Definition

Rheumatoid arthritis (RA) is an autoimmune disease. It causes pain, swelling, stiffness, and loss of function in the joints.

Rheumatoid Arthritis

rheumatoid arthritis

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Causes

RA is caused by a combination of genetic and environmental factors that trigger an abnormal immune response. Possible causes include:

    
  • Genes—People with rheumatoid arthritis may have a specific genetic defect that increases their risk for developing this condition
  • Defects in the immune system may cause the immune cells to fail to recognize the body’s own tissues
  • Infection with specific viruses or bacteria that kick off an abnormal immune response
  • Chemical or hormonal imbalances in the body
  • Risk Factors

    RA is more common in women, and in people between the ages of 30 and 60. Other factors that may increase your chance of developing RA include:

        
  • Family members with RA
  • Excess weight or obesity
  • Heavy or long-term smoking
  • Symptoms

    RA causes many symptoms.

    Joint symptoms include:

        
  • Increased pain and stiffness in the morning and after inactivity
  • Morning stiffness and pain that lasts more than 30 minutes
  • Red, swollen, warm joints
  • Deformed, misshapen joints
  • RA may also cause:

        
  • Intense fatigue, decreased energy
  • Muscle aches
  • Decreased appetite
  • Weight loss
  • Fever and sweats
  • Insomnia
  • Small lumps or nodules under the skin
  • Diagnosis

    You will be asked about your symptoms and medical history. A physical exam will be done. To be diagnosed with RA, you must have at least 1 swollen or tender joint or a history of a swollen joint. How many joints, and which joints are involved, will help aid your doctor in the diagnosis.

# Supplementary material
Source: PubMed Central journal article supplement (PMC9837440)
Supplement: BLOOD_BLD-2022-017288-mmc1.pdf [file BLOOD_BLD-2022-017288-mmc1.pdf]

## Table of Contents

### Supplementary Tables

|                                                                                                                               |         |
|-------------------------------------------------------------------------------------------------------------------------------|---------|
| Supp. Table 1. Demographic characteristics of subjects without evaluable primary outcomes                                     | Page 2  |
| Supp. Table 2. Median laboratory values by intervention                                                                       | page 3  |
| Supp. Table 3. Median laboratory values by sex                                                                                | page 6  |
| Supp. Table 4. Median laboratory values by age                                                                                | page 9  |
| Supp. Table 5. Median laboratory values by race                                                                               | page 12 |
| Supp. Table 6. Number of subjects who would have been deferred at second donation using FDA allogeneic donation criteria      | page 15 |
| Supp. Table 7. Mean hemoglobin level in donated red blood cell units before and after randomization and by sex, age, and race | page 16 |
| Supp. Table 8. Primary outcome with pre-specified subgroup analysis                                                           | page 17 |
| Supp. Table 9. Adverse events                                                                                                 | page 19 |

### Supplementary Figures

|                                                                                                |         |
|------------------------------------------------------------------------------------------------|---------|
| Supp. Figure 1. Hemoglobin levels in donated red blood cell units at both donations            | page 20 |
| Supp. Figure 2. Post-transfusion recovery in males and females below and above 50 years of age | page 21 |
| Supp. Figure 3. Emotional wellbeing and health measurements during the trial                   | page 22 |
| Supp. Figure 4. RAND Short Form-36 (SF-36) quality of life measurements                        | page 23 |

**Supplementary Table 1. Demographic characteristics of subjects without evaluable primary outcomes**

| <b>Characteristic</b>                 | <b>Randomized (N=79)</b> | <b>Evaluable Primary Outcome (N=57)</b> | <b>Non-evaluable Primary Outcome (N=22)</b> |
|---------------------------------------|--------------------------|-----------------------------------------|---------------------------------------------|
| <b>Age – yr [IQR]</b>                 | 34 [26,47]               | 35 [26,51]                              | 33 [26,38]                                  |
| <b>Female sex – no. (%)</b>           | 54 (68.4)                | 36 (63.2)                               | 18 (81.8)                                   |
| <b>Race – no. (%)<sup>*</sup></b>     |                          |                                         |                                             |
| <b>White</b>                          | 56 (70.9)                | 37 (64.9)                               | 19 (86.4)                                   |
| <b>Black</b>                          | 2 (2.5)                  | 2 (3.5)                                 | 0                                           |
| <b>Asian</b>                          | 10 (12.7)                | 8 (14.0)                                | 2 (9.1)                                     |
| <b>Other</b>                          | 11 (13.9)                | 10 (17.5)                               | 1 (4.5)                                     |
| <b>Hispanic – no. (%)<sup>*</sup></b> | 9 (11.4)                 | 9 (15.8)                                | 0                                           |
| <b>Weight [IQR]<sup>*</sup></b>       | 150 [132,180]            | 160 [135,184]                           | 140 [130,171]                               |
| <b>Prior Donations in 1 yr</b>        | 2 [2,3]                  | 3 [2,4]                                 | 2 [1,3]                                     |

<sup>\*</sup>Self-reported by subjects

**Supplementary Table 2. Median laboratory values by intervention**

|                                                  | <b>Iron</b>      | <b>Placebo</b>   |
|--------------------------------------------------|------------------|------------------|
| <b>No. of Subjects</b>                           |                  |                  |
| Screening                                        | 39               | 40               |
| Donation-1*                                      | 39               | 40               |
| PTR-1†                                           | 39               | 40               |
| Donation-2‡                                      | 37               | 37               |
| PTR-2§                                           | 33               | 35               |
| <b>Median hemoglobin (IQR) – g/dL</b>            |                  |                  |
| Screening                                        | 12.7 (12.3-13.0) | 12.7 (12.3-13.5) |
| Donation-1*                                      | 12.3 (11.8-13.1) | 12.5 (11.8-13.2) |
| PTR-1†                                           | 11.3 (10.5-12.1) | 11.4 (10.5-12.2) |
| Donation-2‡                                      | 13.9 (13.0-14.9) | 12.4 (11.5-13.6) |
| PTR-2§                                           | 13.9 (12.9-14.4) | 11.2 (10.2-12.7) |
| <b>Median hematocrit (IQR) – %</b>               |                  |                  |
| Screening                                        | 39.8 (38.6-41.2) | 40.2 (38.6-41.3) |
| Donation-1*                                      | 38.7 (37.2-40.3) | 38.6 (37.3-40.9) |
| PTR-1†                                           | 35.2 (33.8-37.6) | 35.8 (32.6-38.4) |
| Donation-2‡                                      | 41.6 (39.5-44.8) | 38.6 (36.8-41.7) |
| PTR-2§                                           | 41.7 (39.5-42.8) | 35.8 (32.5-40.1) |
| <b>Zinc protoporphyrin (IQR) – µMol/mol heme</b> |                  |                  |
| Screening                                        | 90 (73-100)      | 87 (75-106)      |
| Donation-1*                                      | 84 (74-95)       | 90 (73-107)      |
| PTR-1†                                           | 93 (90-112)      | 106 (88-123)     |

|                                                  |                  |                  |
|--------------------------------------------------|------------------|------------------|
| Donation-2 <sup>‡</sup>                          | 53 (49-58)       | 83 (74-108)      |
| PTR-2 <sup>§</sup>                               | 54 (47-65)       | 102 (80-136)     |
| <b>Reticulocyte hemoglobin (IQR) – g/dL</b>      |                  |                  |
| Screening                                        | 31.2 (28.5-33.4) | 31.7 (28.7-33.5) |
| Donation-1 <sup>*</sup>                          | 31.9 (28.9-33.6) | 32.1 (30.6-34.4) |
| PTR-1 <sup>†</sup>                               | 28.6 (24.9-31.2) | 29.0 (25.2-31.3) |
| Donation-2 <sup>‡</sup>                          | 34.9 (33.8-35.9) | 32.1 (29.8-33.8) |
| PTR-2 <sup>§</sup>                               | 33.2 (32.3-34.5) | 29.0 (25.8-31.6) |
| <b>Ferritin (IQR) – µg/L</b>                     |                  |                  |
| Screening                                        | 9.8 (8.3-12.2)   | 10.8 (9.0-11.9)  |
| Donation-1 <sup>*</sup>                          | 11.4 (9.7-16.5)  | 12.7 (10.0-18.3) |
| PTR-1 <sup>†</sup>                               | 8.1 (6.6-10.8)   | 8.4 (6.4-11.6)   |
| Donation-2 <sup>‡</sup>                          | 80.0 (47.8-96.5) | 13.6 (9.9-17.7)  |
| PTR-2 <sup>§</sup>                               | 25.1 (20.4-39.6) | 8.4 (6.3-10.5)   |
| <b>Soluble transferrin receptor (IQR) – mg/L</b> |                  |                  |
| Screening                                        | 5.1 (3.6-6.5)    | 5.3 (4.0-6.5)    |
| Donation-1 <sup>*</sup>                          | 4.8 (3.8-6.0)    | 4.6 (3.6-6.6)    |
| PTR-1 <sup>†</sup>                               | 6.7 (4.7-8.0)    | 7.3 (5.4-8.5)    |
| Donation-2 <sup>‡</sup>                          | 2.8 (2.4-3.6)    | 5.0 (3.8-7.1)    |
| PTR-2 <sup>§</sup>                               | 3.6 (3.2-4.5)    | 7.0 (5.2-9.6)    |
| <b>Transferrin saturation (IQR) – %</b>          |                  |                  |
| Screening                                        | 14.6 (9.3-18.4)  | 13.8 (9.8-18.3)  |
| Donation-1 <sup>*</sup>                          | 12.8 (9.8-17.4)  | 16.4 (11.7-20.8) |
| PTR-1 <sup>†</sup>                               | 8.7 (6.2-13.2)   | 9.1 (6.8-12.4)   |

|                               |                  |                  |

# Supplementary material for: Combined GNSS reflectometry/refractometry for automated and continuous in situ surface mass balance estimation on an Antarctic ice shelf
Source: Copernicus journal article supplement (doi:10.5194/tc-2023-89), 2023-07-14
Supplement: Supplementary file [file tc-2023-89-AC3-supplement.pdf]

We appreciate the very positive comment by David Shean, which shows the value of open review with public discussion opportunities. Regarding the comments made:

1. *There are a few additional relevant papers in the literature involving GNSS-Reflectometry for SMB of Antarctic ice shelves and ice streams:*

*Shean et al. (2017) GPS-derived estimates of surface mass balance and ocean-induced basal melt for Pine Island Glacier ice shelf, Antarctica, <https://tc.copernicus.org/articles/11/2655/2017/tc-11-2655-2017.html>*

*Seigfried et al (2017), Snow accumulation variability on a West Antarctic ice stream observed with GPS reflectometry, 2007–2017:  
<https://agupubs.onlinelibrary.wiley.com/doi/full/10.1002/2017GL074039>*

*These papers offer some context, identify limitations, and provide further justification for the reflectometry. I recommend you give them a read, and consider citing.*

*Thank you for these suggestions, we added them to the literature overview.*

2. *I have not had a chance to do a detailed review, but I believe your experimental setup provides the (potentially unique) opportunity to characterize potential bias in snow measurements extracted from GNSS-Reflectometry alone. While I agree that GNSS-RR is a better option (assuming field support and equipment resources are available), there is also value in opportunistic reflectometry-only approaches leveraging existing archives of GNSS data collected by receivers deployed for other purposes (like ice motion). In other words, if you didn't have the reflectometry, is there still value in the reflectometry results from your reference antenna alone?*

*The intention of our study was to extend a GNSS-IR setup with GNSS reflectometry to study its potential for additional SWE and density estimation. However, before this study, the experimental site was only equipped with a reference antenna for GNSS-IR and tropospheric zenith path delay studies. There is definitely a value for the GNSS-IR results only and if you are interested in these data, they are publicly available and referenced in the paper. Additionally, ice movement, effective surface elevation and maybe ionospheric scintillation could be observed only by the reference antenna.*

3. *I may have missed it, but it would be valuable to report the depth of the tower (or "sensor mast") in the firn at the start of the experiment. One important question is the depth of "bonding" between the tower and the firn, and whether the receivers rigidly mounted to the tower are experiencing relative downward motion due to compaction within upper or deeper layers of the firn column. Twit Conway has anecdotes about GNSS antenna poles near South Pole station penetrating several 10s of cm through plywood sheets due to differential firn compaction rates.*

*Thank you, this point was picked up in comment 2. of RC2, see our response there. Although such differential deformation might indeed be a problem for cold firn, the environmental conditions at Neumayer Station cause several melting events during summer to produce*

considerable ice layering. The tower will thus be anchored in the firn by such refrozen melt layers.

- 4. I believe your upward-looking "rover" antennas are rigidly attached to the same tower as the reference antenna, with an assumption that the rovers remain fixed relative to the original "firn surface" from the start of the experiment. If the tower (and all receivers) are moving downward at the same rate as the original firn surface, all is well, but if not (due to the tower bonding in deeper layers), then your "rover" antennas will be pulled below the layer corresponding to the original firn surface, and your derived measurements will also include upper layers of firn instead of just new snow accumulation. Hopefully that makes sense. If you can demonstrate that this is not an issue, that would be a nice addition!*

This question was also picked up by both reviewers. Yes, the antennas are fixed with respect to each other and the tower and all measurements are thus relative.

Your bodily fluids may be tested. This can be done with blood tests.

    Images may be taken of your bodily structures. This can be done with:

        
  • X-rays
  • MRI scan
  • Treatment

    There is no cure for RA. The goals of treatment are to:

        
  • Relieve pain
  • Reduce inflammation
  • Slow down joint damage
  • Improve functional ability
  • Medications

    There are a variety of medications to treat the pain and inflammation of RA. In some cases, medications may be used in combination. These may include:

        
  • Nonsteroidal anti-inflammatory drugs (NSAIDs)
  • Cyclooxgenase-2 or COX-2 inhibitors
  • Nonbiologic disease-modifying antirheumatic drugs (DMARDs)
  • Biologic disease-modifying antirheumatic drugs (DMARDs)
  • Corticosteroids
  • Medication may be taken by mouth, applied to the skin, or injected into the joint.

    Rest and Exercise

    Rest reduces active joint inflammation and pain and fights fatigue. Exercise is important for maintaining muscle strength and flexibility. It also preserves joint mobility.

    These steps may help relieve stiffness, weakness, and reduce inflammation:

        
  • Maintain a balance between rest and exercise
  • Attempt mild strength training
  • Participate in aerobic exercise, such as, walking, swimming, or dancing
  • Avoid heavy-impact exercise
  • Control weight
  • Participate in a physical therapy program
  • Joint Care

    Splints applied to painful joints may reduce pain. Devices that help with daily activities can also reduce stress on joints. Devices include:

        
  • Zipper extenders
  • Long-handled shoehorns
  • Specially designed kitchen tools
  • Stress Reduction

    Stress reduction can ease the difficulties of living with a chronic, painful disease. Participating in an exercise program or joining a support group are 2 strategies you can use to reduce stress. Cognitive behavioral therapy , a form of talk therapy, and meditation may also offer benefits in reducing your pain and improving your ability to cope with RA.

    Surgery

    Joint replacement and tendon reconstruction help relieve severe joint damage.

    Prevention

    There are no current guidelines to prevent RA.